I love how holiness and misery are paired, and they struck me as sort of an odd match.  To think that holiness and misery could be the opposites of each other encouraged me to adopt the idea that love could have an opposite that was not hatred.  I feel that the opposite to love, sometimes, is grief.  And with that in mind, I wanted to write a companion piece to my thoughts on grief.  Both of these experiences are powerful and transformative, and together they make one.   

Love is white. Pure, endless, ubiquitous but often unassuming and unnoticed.  Ordinary and yet transcendent.  As one writer puts it, "it makes no sense because it is the eternal breaking in on the temporal".  It is earthy and holy at the same time.  It blends with any color, because love is not exclusive; it is the most inclusive gift, infinitely, graciously giving and endless in supply.  

Love is just as ubiquitous as grief.  But while grief is slippery and amorphous, love is steady and constant.  Its effects are just as varied as grief's, and just as intense.  They match each other.  Love sometimes brings such lightness that I feel I have lost touch with the world.  Other times it is grounding, giving such security and hope that I feel anything is possible.  Carrying love is difficult because it often carries me.  

Sometimes love impels me to run, but not to escape.  It impels me to run for joy, for thrill, and for others.  To be close to others, to be there for others.  Sometimes love still brings my heart to where it pleads to burst, only to be able to carry and share and hold and express and enact more love for others.  Oh, how it is achingly beautiful.  

I am not sure if I have ever been rendered immovable by love.  Surely it is a fixating point, but it enlivens and ennobles and emboldens to such a degree that standing still hardly seems like a possibility.  Yet, I imagine there are times where love requires us to stand still, to be witness more than participant and to rejoice in what we see and experience.  

Love can be all encompassing, all consuming.  Yet rather than empty me in its consumption, it motivates me to give, to withhold nothing, and to do the impossible.  It keeps me present, though perhaps sometimes distracts me with its force.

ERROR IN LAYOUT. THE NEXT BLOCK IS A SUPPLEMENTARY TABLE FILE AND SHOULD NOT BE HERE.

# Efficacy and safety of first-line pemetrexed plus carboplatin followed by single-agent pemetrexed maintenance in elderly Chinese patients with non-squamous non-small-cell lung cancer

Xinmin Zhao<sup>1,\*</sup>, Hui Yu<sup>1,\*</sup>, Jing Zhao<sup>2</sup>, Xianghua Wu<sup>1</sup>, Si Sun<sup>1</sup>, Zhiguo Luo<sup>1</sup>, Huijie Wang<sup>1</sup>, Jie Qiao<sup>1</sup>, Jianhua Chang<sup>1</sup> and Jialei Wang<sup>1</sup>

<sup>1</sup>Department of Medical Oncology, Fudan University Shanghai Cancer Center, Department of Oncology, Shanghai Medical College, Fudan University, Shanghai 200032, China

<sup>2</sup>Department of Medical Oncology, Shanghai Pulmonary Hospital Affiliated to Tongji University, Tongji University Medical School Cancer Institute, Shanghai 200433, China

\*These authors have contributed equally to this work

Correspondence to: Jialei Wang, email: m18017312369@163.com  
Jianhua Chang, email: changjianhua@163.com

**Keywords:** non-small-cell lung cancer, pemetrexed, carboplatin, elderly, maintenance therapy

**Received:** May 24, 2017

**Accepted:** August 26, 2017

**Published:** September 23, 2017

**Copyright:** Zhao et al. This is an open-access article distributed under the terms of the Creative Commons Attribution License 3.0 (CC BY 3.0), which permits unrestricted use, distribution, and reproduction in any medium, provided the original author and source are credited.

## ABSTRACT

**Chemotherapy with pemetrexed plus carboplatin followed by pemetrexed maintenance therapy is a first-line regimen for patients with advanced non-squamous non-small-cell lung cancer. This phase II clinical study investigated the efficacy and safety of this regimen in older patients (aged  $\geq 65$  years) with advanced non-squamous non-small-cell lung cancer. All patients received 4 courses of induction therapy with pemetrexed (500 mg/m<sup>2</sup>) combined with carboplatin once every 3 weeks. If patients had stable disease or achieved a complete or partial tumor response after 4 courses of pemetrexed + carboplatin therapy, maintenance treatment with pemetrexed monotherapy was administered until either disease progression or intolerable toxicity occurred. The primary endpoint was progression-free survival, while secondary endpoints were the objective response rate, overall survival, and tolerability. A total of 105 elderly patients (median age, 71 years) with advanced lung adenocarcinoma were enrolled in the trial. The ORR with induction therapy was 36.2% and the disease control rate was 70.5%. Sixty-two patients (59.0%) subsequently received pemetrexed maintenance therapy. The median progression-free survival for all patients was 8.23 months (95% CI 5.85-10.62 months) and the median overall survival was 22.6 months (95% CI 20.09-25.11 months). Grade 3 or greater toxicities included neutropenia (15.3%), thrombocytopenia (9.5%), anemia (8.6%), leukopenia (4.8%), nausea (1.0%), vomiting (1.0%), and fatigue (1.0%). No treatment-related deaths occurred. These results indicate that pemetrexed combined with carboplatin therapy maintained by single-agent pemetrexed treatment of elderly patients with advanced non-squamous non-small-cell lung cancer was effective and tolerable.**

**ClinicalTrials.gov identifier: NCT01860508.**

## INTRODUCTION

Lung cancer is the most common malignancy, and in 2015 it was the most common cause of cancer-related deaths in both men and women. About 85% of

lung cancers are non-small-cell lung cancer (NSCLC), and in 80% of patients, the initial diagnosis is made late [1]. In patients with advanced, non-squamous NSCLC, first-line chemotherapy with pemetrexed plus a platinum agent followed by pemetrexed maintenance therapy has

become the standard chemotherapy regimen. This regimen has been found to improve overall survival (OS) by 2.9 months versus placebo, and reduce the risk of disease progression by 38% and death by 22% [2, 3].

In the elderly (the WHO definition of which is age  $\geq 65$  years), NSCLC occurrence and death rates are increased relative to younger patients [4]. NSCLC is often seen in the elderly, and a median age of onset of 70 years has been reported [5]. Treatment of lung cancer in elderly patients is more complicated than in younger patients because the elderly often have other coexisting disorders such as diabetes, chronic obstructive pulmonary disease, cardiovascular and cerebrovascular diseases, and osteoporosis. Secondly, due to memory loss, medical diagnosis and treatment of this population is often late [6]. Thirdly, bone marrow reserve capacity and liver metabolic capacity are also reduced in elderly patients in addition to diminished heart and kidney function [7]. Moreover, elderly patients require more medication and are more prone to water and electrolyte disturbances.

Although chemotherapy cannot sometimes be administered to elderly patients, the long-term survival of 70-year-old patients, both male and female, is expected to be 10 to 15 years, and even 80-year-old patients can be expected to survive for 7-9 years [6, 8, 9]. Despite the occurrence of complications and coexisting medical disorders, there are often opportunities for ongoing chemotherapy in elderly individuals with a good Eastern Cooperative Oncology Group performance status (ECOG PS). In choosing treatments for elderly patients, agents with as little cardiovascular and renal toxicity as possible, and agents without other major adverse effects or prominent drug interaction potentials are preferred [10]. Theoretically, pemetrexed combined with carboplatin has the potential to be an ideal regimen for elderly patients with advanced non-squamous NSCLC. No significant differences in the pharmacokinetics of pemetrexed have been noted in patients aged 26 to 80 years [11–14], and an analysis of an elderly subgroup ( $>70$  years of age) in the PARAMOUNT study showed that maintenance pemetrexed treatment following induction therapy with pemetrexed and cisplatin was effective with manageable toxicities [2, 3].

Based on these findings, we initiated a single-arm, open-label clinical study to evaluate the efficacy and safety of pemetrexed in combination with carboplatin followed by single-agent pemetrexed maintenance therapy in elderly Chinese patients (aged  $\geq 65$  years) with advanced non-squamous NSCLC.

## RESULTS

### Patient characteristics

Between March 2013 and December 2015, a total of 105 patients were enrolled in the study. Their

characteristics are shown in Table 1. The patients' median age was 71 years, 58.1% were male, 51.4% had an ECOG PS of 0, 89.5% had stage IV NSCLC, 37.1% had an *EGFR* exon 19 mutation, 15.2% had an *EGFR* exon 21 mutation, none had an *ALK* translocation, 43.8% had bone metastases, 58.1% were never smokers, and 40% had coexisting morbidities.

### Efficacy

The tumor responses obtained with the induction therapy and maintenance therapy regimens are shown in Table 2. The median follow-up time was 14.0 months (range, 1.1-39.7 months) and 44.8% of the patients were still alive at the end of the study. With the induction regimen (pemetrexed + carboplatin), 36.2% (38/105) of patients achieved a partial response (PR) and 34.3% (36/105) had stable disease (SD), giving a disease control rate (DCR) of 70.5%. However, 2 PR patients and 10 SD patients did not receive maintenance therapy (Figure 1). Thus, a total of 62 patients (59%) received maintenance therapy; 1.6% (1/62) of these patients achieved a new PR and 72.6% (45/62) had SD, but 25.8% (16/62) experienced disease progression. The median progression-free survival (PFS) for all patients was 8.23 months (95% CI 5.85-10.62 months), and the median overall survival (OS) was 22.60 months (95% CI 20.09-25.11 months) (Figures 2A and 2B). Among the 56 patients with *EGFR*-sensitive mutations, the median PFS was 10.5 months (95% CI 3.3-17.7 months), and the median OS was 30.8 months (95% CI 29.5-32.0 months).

Love is not without tears.  Tears given from love are often quiet ones that make our eyes glisten and communicate our hearts when words cannot.    

Love is tingly, fizzy like soda, bubbling through my body with excitement.  Love engenders smiles and laughter, glances and gazes, blushes and gasps.  It requires honesty to grow and thrives with vulnerable exposure.  

Love is sweet, though gently so.  Like grief, it is not overpowering.  Love graces all that I smell and taste and see and hear and touch, clarifying and lending beauty to it all.  Love is radiant and clear.  

Love sounds glorious.  At times it is silent, at times boisterous in words and laughter, and all the time present.  One poet says that "Attention is the beginning of devotion".  Love pays attention, dear one, and is always in the present moment.  

So though choosing love means choosing grief, I choose love.  It is such a gift, dear reader.  To choose to carry love with you is to be unafraid, to rejoice, to hope.  That choice is also one to grieve, to weep, and to mourn.  It is wonderfully simple and gloriously complex all at once.  Experiencing both gives substance to our existence and while I would not choose both, I am glad that we cannot have one without the other.  

Wednesday, April 19, 2017

Different One

The multitude awed, fed, and dispersed,
A collection of friends took leave of each other.
One to the mountains and the rest to a ship,
trusting to meet each other soon.

Distress, unrest, uneasy turbulence
felt by both the water and those on its surface.
Most let it permeate them, stirring up fears and anxieties.
Prolonged exposure to contrary winds swelling doubt.

Except in one, almost two.

This One felt the same unsettledness,
Yet carried Himself with gentle confidence and assured peace.
A time before, he had invited the elements to do the same
and they hearkened, choosing stillness.

Yearning, his companion queried and with the word "Come" ventured,
Heart lurching as his feet met the lake where he stood, stepped, stopped, surveyed and
sunk until saved by an immediately stretched forth hand, filled with resolution and strength,
There without hesitation but with an observant question graced with tenderness.

"O ye of little faith, wherefore dist thou doubt?"